The Avett Brothers
A Fermenting Perseverance: With a Bluegrass Backbone
By Martin Halo
Musical projects are arguably one of the most fragile endeavors that people with a passion can undertake. It is a series of small successes and failures which lead up to not just the reaching of a goal, but the living of a dream. It is a process that matures over time and can only be described as a violent emotional rollercoaster, fueled with the driving power of passion and hope.
For most ventures the celebrations which follow each point of success sometimes result in a false sense of security and hope as projects disintegrates in the hands of their most devoted believers.
For the brothers Avett the harsh reality of chasing relevance, fame, and a lasting place in the musical divinity has yielded such heartbreak. But the real merit, strength, and insanity which lies in the heart of a musician are not tested through their successes; they are put to the test in the face of failure. To chase a dream and watch it crumble is part of life, but to pick up the pieces and dive head first back in, already knowing the emotional strain upon which you are about to endure, takes intestinal fortitude.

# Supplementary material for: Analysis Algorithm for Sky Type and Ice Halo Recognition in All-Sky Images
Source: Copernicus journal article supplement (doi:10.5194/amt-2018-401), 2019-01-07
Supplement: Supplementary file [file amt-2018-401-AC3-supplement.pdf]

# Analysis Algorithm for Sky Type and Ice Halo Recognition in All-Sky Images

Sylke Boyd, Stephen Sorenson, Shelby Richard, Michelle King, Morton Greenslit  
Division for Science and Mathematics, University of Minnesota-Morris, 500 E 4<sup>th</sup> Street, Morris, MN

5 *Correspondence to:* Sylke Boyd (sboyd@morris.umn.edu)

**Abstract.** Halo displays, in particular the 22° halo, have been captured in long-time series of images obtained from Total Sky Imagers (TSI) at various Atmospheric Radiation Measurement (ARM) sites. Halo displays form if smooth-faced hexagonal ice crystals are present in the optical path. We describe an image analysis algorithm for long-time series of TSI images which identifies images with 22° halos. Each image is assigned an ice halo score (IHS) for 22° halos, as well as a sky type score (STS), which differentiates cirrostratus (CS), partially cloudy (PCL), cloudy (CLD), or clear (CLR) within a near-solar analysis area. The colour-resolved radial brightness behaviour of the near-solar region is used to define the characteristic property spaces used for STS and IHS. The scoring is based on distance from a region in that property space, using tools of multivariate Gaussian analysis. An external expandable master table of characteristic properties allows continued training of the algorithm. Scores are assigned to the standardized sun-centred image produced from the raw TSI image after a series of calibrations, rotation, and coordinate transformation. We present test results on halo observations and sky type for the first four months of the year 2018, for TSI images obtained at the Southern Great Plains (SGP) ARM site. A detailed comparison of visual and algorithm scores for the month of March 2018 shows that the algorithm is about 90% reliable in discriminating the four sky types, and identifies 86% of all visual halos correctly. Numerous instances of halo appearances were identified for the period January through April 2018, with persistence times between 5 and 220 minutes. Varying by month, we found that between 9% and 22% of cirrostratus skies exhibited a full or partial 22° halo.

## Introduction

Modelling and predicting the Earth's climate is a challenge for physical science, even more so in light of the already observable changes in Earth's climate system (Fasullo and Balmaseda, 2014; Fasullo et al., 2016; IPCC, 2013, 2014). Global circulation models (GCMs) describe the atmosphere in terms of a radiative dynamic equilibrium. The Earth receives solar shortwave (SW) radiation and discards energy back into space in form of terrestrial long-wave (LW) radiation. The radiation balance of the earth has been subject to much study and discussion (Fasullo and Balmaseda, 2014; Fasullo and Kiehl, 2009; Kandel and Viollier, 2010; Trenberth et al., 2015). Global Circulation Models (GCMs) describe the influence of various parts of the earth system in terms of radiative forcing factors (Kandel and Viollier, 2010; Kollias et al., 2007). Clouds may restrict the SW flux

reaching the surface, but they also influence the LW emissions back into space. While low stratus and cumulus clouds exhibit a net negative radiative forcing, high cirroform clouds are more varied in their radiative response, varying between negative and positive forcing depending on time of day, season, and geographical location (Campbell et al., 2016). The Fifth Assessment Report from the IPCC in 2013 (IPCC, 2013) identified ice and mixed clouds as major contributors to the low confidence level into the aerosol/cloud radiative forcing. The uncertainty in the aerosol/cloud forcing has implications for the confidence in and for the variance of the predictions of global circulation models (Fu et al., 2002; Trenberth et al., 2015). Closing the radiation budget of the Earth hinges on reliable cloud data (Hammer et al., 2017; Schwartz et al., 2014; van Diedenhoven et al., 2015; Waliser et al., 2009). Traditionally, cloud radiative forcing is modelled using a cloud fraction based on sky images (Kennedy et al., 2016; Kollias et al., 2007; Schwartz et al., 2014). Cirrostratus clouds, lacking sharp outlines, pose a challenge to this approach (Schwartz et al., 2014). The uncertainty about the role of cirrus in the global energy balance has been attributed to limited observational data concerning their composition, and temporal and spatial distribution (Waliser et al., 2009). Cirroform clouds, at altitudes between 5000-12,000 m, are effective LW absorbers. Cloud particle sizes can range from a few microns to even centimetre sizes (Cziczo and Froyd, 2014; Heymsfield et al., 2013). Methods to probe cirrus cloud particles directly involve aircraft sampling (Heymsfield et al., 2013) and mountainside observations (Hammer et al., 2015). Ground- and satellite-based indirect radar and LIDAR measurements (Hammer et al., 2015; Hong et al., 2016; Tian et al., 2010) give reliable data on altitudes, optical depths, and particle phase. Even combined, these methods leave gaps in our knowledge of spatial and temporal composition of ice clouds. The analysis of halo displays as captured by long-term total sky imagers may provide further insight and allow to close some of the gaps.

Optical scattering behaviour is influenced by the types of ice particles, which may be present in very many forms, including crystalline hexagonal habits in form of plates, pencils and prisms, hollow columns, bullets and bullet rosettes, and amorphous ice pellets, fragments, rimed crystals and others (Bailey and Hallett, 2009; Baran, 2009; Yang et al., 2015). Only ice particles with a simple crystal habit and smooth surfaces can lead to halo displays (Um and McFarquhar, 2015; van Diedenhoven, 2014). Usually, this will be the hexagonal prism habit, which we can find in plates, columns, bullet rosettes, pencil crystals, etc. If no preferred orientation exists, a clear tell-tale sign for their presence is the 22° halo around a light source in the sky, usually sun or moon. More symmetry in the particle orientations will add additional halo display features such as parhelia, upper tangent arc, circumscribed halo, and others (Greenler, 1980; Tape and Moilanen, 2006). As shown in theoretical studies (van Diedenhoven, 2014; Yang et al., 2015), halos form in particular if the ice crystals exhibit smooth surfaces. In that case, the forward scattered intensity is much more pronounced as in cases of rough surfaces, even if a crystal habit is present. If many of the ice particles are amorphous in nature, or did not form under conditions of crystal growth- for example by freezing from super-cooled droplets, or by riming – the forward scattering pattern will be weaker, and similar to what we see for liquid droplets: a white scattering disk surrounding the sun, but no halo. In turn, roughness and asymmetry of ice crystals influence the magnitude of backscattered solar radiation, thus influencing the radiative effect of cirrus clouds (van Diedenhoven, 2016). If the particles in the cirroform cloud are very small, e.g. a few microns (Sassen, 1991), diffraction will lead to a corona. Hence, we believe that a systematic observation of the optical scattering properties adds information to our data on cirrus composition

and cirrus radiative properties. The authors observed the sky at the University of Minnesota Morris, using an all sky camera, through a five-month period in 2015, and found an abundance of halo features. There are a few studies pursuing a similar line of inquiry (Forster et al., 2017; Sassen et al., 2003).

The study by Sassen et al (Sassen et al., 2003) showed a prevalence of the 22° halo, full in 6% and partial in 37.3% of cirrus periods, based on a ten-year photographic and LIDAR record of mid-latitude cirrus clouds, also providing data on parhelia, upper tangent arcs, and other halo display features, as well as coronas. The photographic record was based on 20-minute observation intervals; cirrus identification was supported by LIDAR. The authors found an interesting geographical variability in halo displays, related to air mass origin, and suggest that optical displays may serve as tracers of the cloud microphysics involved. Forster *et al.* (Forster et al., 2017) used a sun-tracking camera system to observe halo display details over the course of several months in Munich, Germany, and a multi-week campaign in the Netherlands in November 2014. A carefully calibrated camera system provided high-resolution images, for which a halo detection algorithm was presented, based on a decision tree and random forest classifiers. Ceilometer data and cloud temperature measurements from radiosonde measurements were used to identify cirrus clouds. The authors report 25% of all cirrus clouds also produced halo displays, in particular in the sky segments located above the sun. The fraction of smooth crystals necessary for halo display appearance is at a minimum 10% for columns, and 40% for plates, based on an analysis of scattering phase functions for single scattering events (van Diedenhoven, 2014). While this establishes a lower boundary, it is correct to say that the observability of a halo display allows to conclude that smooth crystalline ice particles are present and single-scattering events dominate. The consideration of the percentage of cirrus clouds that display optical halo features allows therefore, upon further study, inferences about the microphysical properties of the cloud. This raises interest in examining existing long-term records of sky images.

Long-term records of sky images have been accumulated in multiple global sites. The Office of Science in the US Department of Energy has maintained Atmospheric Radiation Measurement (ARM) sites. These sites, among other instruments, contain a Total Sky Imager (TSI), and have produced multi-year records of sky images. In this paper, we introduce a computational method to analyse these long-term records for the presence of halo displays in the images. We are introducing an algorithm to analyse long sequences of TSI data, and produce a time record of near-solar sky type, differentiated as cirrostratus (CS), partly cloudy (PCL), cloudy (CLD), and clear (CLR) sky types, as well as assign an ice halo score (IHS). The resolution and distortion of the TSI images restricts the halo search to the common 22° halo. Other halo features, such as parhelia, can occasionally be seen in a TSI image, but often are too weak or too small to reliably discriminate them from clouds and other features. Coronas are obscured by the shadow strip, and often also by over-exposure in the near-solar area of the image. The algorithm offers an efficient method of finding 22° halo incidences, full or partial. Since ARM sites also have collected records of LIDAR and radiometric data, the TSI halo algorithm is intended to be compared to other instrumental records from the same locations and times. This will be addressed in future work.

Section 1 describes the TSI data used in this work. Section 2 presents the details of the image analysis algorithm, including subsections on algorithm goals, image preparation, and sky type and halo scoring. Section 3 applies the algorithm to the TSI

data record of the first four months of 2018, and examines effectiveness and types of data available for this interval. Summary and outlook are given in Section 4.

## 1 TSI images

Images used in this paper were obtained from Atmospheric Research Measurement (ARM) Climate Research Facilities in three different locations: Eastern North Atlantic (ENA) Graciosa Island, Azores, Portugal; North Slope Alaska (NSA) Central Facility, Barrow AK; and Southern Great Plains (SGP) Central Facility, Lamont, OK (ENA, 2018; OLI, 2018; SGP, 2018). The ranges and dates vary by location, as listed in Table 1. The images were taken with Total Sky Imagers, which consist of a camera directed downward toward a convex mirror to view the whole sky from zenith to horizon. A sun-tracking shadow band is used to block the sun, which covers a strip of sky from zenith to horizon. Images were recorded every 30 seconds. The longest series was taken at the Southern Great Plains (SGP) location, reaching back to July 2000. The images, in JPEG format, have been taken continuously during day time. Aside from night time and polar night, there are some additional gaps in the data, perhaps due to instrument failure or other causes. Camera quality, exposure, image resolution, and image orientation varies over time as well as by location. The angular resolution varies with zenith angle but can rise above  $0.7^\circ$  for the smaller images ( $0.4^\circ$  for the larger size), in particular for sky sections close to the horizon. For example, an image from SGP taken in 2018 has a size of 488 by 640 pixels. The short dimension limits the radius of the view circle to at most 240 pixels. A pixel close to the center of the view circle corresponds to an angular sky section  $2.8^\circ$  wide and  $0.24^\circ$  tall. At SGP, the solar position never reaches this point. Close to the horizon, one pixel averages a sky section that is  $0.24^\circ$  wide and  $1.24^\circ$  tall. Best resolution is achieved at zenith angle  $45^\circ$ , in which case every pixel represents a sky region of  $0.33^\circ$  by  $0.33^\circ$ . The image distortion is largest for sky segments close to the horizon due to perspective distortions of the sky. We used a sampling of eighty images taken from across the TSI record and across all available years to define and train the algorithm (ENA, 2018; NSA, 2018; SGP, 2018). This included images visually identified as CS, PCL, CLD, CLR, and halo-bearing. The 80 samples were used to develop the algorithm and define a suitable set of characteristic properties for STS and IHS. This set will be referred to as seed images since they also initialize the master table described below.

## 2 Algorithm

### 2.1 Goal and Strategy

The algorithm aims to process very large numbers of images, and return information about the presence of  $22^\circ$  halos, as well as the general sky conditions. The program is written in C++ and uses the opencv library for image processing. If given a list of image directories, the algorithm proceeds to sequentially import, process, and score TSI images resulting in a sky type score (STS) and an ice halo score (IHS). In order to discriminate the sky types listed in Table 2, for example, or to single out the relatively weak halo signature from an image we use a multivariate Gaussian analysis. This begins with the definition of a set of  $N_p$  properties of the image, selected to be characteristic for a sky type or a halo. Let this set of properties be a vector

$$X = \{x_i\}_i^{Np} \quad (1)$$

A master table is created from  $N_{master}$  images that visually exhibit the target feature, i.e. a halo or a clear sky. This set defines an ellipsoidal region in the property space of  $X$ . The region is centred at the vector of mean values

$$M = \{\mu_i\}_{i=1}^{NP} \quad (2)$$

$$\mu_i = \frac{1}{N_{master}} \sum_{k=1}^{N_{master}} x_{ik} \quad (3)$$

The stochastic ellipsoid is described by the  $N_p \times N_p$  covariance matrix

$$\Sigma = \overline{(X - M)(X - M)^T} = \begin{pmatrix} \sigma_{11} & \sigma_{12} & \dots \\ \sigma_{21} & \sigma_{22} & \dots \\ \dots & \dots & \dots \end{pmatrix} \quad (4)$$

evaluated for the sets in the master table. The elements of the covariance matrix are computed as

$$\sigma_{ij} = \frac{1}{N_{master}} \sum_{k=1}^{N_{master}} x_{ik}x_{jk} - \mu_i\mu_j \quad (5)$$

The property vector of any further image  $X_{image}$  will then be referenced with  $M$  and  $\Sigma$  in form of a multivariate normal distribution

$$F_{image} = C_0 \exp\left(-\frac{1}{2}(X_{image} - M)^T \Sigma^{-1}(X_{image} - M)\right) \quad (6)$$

This is not a story about failure; this is a story about a glorious success. A success that is sweeping across the American landscape, with a bottle of Jack Daniels in one hand and an unspeakable verse of sincere melodies stemming from musical lineage of North Carolina in the other.
“It has kind of always been non-stop for us,” says Scott Avett (vox/banjo) just after an unexpected journalistic wake up call while sprawled across the bed which makes up his RV living arrangements. “Usually three dates here and three dates there but this has been the busiest we have seen. We have had very little breaks and we are just trying to push it.”